With that fragment of Heraclitus’s that we now take as the first in the preliminary succession we are presenting here, thinking would like to arrive at the constitutive core of what is, for thinkers of the inception and therefore for Heraclitus, the inceptual to-be-thought. We place fragment 16 at the ‘inception.’ It says:
τὸ μὴ δῦνόν ποτε πῶς ἄν τις λάθοι;
From the not ever submerging (thing), how may anyone be concealed (from it)?
This and all other translations in what follows should, if possible, be true to the word. ‘True to the word’ means something other than ‘literal.’ In mere literal translations, single words are confronted by almost mechanically lexical counterparts. But mere words are not yet words in the fullest sense. Therefore, when translation seeks to be not only literal, but also true to the word, the words must receive their naming power and their structure from the already presiding fidelity to the unifying word (that is, to the totality of the saying). Nevertheless, every translation remains makeshift. When the stakes are low, a makeshift approach suffices—for example, in the case of translating business paperwork. Here, both sides understand what is at stake, perhaps even too well. In the case  of translating the sayings of Heraclitus’s, the stakes are very high indeed. Here translation becomes a kind of trans porting to the other shore, one which is hardly known and lies on the opposite side of a wide river. Such a voyage is easily led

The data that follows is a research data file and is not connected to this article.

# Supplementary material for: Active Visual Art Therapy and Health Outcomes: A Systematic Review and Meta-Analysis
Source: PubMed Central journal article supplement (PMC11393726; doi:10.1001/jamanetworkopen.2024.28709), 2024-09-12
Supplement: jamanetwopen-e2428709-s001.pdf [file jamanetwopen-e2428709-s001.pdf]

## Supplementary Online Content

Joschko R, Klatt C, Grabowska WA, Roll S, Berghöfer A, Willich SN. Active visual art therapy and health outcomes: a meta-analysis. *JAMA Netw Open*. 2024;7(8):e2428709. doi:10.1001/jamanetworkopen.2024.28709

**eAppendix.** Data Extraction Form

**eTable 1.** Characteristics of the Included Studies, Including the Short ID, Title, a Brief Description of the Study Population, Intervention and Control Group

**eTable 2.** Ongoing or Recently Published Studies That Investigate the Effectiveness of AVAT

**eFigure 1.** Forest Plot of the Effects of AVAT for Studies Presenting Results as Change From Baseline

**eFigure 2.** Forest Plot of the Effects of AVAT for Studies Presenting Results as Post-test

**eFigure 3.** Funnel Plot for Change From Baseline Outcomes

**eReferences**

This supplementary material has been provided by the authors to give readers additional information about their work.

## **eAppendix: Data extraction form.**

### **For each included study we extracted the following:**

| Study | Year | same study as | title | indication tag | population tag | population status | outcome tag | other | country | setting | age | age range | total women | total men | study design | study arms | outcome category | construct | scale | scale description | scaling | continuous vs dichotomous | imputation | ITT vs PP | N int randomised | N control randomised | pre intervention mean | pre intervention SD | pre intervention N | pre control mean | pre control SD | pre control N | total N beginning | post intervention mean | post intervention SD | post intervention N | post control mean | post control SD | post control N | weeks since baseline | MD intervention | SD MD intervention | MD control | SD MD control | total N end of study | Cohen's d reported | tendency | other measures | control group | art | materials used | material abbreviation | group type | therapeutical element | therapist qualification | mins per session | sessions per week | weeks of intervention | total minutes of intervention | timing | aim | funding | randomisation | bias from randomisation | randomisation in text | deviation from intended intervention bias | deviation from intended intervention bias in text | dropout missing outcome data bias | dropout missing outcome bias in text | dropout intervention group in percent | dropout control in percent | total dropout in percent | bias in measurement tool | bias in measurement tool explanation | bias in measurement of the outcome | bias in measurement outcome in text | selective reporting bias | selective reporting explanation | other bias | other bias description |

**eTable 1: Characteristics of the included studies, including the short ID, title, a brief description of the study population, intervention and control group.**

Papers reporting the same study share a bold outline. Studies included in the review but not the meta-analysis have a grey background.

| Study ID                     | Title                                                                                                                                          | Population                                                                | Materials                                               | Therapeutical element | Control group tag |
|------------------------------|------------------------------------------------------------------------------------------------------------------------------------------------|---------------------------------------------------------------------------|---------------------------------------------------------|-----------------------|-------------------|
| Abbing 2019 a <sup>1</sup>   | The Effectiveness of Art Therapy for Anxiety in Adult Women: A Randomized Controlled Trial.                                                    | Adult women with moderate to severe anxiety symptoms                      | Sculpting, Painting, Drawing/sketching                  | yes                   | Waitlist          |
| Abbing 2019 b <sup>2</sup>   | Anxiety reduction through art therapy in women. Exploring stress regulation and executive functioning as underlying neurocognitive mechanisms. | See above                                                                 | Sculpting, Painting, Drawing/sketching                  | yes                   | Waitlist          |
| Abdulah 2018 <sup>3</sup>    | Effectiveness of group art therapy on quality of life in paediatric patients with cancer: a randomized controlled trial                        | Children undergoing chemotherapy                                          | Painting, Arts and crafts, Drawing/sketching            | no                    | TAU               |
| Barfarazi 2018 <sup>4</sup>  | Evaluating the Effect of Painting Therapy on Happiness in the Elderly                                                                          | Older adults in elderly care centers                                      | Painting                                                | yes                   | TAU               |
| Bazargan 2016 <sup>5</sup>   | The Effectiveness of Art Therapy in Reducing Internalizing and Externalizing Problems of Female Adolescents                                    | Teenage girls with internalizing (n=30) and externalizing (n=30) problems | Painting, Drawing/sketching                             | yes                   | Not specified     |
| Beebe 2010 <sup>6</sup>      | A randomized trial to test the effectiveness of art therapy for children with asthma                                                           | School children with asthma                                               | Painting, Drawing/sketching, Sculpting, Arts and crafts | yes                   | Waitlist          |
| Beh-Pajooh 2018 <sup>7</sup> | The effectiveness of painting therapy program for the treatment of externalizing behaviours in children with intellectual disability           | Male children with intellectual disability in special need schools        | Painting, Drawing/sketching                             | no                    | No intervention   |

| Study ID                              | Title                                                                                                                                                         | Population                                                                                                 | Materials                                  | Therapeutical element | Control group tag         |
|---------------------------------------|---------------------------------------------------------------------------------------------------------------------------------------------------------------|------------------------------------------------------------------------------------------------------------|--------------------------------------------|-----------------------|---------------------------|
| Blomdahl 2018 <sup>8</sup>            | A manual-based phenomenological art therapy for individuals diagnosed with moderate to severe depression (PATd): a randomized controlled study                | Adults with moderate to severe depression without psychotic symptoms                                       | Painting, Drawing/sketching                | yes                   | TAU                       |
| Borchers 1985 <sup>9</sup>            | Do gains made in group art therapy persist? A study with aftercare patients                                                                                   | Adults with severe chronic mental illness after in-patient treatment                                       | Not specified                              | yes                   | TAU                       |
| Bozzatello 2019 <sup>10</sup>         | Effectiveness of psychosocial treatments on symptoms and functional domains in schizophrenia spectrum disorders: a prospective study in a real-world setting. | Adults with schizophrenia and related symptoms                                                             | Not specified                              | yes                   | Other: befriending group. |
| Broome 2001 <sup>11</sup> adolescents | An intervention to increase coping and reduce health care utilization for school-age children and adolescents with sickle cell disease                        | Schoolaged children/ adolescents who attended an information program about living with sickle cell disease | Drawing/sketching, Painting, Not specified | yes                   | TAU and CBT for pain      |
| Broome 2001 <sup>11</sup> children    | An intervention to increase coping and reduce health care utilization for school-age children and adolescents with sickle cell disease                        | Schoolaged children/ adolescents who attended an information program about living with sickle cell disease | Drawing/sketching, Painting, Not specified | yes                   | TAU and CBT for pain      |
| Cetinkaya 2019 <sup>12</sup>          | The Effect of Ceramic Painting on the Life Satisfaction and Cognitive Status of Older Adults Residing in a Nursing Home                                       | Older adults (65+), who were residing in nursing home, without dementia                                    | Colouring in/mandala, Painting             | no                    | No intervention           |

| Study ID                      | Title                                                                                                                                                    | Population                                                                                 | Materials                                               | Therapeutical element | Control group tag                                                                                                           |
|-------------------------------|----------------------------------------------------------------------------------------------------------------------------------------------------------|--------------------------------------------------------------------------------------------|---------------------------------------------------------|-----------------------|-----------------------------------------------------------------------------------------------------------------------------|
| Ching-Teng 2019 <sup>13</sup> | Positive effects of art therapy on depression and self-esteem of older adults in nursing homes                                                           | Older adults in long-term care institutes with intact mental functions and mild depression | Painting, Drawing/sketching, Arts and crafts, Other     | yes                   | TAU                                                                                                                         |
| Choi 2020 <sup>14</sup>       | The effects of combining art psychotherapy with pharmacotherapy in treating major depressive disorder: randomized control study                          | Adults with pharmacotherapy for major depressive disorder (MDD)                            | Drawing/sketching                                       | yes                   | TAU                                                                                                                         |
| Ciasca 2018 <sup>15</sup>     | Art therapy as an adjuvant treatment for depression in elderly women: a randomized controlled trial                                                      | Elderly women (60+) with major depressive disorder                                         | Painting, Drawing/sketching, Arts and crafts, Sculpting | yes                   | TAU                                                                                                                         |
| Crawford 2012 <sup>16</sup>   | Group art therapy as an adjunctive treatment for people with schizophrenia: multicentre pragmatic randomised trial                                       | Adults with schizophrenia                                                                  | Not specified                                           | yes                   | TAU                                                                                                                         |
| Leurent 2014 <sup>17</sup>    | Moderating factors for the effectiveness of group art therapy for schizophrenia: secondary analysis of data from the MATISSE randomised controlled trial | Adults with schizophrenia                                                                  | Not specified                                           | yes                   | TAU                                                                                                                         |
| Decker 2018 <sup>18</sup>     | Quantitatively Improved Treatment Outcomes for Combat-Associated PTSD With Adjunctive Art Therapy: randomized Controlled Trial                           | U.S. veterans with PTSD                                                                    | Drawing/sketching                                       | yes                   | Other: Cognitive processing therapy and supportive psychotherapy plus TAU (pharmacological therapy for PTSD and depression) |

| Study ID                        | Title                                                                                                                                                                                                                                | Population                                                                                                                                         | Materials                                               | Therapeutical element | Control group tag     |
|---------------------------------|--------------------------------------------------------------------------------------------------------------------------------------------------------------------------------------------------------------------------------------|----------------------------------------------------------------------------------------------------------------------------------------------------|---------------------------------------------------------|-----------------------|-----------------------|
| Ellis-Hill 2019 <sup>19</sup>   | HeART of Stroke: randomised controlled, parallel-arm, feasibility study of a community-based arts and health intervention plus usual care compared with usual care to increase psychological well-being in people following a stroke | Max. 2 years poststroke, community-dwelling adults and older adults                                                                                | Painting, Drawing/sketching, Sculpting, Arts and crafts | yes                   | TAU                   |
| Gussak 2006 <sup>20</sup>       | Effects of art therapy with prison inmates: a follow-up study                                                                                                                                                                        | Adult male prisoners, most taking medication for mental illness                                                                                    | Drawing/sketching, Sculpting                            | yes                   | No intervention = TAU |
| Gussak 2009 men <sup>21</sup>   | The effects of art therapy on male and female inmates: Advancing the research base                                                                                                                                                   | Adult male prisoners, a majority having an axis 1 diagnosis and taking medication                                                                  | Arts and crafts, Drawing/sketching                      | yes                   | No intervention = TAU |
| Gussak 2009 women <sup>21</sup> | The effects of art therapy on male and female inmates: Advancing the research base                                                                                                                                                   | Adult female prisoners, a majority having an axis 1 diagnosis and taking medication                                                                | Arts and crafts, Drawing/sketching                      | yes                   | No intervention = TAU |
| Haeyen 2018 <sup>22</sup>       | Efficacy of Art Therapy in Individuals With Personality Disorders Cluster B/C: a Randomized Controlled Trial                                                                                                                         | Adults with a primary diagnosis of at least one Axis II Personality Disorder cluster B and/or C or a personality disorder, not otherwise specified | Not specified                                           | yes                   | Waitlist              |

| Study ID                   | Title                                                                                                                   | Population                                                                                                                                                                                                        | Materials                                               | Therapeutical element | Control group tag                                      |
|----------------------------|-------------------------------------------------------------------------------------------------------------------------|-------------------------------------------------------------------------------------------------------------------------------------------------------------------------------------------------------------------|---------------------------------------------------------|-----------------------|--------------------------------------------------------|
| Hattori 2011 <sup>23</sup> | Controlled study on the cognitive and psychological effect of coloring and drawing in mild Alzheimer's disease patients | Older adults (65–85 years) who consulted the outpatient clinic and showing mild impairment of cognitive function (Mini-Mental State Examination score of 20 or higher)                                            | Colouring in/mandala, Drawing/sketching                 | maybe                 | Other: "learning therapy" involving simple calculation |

Heraclitus: The Inception of Occidental Thinking
GA 55 p. 44